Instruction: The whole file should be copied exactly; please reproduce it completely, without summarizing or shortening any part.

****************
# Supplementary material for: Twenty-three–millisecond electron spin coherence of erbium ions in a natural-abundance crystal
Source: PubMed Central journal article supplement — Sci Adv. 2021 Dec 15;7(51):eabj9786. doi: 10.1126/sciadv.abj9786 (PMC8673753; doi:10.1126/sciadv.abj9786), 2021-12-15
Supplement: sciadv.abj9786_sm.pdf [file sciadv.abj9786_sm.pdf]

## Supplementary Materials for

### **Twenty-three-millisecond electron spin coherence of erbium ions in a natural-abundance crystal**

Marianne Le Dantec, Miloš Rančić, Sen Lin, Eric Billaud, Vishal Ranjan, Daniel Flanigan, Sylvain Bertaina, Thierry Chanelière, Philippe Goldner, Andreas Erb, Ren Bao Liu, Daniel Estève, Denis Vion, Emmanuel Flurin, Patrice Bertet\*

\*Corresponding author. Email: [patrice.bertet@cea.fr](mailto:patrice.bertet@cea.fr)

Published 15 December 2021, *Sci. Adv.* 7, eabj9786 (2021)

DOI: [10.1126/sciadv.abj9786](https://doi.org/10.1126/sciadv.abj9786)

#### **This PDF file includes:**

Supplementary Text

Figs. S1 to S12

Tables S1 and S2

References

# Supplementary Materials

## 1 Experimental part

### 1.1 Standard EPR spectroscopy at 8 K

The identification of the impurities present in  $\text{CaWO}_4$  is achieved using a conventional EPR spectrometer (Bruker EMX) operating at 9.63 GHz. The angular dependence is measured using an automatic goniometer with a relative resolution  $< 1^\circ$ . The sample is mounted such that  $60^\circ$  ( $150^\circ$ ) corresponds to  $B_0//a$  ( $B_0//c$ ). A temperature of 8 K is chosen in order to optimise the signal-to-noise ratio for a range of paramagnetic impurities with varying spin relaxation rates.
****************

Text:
# Supplementary material for: Twenty-three–millisecond electron spin coherence of erbium ions in a natural-abundance crystal
Source: PubMed Central journal article supplement — Sci Adv. 2021 Dec 15;7(51):eabj9786. doi: 10.1126/sciadv.abj9786 (PMC8673753; doi:10.1126/sciadv.abj9786), 2021-12-15
Supplement: sciadv.abj9786_sm.pdf [file sciadv.abj9786_sm.pdf]

## Supplementary Materials for

### **Twenty-three-millisecond electron spin coherence of erbium ions in a natural-abundance crystal**

Marianne Le Dantec, Miloš Rančić, Sen Lin, Eric Billaud, Vishal Ranjan, Daniel Flanigan, Sylvain Bertaina, Thierry Chanelière, Philippe Goldner, Andreas Erb, Ren Bao Liu, Daniel Estève, Denis Vion, Emmanuel Flurin, Patrice Bertet\*

\*Corresponding author. Email: [patrice.bertet@cea.fr](mailto:patrice.bertet@cea.fr)

Published 15 December 2021, *Sci. Adv.* 7, eabj9786 (2021)

DOI: [10.1126/sciadv.abj9786](https://doi.org/10.1126/sciadv.abj9786)

#### **This PDF file includes:**

Supplementary Text

Figs. S1 to S12

Tables S1 and S2

References

# Supplementary Materials

## 1 Experimental part

### 1.1 Standard EPR spectroscopy at 8 K

The identification of the impurities present in  $\text{CaWO}_4$  is achieved using a conventional EPR spectrometer (Bruker EMX) operating at 9.63 GHz. The angular dependence is measured using an automatic goniometer with a relative resolution  $< 1^\circ$ . The sample is mounted such that  $60^\circ$  ( $150^\circ$ ) corresponds to  $B_0//a$  ( $B_0//c$ ). A temperature of 8 K is chosen in order to optimise the signal-to-noise ratio for a range of paramagnetic impurities with varying spin relaxation rates.